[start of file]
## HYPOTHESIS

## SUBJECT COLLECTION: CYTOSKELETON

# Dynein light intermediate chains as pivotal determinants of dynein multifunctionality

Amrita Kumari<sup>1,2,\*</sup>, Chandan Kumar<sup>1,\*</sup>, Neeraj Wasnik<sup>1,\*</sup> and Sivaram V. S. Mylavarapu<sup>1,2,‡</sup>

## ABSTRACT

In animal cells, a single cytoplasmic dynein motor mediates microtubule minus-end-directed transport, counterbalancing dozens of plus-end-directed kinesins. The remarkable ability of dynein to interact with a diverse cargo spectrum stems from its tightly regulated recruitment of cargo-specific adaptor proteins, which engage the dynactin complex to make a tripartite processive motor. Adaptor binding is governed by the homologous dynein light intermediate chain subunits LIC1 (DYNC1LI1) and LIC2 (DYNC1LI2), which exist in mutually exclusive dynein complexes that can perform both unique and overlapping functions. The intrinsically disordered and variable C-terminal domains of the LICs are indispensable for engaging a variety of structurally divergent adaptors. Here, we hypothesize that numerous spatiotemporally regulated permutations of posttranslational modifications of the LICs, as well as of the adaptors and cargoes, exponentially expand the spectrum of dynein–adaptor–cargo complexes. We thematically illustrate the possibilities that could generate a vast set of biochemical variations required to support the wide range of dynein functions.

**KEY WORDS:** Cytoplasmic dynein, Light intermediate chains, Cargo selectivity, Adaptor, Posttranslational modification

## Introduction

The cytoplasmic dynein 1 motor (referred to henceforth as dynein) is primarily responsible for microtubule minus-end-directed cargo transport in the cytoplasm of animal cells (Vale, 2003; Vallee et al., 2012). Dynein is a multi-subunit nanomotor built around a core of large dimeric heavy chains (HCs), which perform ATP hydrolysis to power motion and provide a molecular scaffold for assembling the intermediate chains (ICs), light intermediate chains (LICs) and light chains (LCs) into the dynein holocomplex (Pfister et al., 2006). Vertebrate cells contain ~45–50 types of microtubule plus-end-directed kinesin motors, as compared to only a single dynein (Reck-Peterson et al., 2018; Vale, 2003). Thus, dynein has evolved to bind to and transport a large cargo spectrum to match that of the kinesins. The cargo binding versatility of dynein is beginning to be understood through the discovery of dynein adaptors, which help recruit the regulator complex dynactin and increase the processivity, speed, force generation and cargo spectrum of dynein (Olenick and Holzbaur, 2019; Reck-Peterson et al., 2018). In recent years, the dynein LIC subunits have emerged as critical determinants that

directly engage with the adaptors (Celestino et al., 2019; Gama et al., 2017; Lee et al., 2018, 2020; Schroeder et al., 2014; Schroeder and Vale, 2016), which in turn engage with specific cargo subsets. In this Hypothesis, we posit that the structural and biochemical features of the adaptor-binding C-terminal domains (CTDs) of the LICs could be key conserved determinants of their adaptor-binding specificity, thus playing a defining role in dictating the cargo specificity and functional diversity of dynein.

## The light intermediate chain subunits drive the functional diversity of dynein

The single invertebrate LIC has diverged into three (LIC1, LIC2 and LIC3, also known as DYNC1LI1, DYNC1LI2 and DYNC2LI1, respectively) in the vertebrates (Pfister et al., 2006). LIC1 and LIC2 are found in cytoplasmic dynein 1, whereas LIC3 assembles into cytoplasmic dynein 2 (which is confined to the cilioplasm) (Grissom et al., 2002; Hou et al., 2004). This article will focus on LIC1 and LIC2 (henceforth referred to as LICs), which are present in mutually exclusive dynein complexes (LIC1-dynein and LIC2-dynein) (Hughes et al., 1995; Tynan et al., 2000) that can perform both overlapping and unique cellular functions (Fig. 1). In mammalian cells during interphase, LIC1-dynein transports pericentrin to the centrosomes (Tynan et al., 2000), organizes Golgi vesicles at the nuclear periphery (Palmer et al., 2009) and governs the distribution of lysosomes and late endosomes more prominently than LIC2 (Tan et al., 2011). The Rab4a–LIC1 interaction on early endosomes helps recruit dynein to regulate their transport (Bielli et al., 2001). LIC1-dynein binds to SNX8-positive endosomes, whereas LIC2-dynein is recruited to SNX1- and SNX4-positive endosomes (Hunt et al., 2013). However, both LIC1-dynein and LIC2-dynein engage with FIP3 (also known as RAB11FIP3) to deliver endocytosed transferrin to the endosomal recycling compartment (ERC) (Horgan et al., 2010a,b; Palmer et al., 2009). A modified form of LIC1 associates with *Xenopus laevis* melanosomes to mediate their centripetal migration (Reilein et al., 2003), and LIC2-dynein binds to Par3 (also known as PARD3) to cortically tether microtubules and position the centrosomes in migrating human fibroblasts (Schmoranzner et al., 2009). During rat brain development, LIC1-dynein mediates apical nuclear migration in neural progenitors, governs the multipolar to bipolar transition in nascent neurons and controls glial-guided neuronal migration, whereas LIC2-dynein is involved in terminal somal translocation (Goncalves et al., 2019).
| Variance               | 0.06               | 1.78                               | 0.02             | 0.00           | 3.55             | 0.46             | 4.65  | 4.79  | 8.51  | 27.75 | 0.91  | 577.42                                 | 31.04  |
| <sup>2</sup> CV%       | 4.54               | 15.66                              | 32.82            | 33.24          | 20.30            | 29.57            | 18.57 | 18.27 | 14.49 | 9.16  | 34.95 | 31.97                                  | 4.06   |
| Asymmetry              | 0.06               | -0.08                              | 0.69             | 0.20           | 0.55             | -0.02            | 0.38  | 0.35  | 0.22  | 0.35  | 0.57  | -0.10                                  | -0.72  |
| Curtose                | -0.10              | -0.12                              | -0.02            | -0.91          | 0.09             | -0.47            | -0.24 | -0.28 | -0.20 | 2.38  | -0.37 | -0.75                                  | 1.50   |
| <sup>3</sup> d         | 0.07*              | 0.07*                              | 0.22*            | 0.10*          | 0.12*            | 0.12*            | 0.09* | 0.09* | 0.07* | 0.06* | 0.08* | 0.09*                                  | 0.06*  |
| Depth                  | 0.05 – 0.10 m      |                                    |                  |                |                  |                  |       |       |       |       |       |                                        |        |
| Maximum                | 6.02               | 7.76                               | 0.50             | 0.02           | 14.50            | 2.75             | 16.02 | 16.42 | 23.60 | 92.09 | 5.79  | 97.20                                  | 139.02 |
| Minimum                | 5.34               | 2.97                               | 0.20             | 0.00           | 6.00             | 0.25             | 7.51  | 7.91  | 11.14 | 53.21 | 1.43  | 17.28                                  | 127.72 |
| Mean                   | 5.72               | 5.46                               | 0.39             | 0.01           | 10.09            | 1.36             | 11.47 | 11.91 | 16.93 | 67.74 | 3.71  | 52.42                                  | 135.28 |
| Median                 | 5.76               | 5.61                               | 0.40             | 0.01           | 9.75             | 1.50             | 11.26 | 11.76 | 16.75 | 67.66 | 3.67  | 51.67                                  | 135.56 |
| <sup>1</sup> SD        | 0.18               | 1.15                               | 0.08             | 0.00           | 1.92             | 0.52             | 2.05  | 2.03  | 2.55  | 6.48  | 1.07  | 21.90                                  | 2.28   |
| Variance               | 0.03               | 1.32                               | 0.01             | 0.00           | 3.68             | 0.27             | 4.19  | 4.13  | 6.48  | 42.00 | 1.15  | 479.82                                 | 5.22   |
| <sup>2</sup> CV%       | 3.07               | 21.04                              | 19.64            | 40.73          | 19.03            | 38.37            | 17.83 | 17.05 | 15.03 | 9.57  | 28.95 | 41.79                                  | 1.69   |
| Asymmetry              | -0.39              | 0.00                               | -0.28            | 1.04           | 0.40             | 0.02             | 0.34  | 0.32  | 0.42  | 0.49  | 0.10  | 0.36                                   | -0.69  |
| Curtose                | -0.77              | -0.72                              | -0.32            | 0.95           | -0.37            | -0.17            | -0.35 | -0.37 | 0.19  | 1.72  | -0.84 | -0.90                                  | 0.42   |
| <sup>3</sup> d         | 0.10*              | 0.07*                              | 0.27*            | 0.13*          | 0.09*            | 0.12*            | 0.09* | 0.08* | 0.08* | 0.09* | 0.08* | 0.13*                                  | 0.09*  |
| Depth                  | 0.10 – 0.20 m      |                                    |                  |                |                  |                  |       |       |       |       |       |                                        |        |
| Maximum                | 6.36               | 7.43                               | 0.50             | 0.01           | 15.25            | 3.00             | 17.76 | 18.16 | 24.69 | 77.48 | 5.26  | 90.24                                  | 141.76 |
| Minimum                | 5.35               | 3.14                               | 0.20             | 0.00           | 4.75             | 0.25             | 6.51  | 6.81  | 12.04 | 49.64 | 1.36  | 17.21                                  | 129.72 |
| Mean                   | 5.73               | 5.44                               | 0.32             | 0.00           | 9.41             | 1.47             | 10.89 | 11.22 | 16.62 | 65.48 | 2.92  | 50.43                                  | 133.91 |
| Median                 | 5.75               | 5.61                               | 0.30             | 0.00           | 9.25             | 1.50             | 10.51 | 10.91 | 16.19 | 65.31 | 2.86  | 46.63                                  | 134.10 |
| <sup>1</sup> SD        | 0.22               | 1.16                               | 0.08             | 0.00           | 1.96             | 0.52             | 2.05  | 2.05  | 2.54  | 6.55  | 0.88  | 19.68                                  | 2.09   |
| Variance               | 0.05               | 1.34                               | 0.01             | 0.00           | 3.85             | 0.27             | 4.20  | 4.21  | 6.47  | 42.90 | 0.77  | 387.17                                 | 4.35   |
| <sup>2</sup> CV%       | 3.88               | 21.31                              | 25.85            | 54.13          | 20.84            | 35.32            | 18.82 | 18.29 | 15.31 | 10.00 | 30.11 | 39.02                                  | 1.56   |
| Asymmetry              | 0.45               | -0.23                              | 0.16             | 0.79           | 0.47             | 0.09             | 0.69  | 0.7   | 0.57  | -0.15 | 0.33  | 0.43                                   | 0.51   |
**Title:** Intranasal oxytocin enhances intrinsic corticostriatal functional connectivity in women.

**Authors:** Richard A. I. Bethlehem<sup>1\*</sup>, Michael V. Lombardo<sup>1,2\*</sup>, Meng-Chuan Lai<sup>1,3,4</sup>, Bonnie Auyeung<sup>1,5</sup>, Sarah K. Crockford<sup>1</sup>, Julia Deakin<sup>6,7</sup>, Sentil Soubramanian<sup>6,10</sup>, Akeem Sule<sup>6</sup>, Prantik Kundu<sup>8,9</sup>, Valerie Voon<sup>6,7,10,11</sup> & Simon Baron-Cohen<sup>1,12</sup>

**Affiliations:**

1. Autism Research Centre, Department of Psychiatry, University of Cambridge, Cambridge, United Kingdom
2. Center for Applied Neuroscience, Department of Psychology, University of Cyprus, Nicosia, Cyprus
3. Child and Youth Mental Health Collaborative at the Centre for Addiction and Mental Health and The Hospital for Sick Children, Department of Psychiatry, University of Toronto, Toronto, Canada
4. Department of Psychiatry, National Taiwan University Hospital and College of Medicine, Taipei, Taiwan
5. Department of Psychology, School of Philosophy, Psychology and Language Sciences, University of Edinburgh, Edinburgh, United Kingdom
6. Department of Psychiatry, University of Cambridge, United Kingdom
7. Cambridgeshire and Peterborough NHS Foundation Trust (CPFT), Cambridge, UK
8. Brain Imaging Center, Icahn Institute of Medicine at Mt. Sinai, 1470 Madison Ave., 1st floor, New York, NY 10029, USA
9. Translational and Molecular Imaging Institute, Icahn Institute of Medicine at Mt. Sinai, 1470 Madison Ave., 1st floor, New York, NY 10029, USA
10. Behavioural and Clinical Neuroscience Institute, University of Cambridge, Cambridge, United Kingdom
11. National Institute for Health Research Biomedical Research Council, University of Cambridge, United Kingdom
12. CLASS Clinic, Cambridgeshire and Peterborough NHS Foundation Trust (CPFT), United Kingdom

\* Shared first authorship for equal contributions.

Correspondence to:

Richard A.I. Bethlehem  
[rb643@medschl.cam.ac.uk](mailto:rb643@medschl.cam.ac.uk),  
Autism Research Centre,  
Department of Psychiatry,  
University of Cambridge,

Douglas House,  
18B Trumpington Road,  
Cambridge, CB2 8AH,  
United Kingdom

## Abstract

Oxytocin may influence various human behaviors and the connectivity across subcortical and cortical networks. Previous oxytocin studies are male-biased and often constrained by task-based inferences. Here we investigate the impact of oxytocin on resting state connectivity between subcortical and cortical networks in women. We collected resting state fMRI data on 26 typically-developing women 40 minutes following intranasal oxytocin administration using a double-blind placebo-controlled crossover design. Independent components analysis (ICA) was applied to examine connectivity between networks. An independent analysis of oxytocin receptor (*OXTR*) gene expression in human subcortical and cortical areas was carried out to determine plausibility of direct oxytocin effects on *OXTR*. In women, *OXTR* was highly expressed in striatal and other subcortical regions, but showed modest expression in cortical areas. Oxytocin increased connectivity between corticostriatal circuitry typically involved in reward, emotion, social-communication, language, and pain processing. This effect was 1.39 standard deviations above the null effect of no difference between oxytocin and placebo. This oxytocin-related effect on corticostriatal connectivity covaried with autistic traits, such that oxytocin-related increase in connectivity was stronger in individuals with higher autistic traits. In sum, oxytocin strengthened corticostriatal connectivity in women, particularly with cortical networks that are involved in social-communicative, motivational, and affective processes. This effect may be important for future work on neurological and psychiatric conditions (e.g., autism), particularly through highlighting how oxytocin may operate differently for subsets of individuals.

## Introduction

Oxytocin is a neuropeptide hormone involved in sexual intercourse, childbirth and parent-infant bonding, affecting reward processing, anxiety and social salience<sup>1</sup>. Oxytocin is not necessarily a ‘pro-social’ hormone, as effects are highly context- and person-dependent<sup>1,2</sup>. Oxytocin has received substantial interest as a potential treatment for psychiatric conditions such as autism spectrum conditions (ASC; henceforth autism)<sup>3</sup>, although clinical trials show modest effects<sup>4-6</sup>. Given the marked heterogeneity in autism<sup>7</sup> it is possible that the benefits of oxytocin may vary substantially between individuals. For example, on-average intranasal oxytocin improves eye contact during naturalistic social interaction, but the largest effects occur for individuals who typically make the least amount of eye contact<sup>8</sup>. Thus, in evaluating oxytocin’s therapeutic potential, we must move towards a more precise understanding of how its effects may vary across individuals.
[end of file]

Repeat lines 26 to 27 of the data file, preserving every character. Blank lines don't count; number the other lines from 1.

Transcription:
| Asymmetry              | -0.39              | 0.00                               | -0.28            | 1.04           | 0.40             | 0.02             | 0.34  | 0.32  | 0.42  | 0.49  | 0.10  | 0.36                                   | -0.69  |
| Curtose                | -0.77              | -0.72                              | -0.32            | 0.95           | -0.37            | -0.17            | -0.35 | -0.37 | 0.19  | 1.72  | -0.84 | -0.90                                  | 0.42   |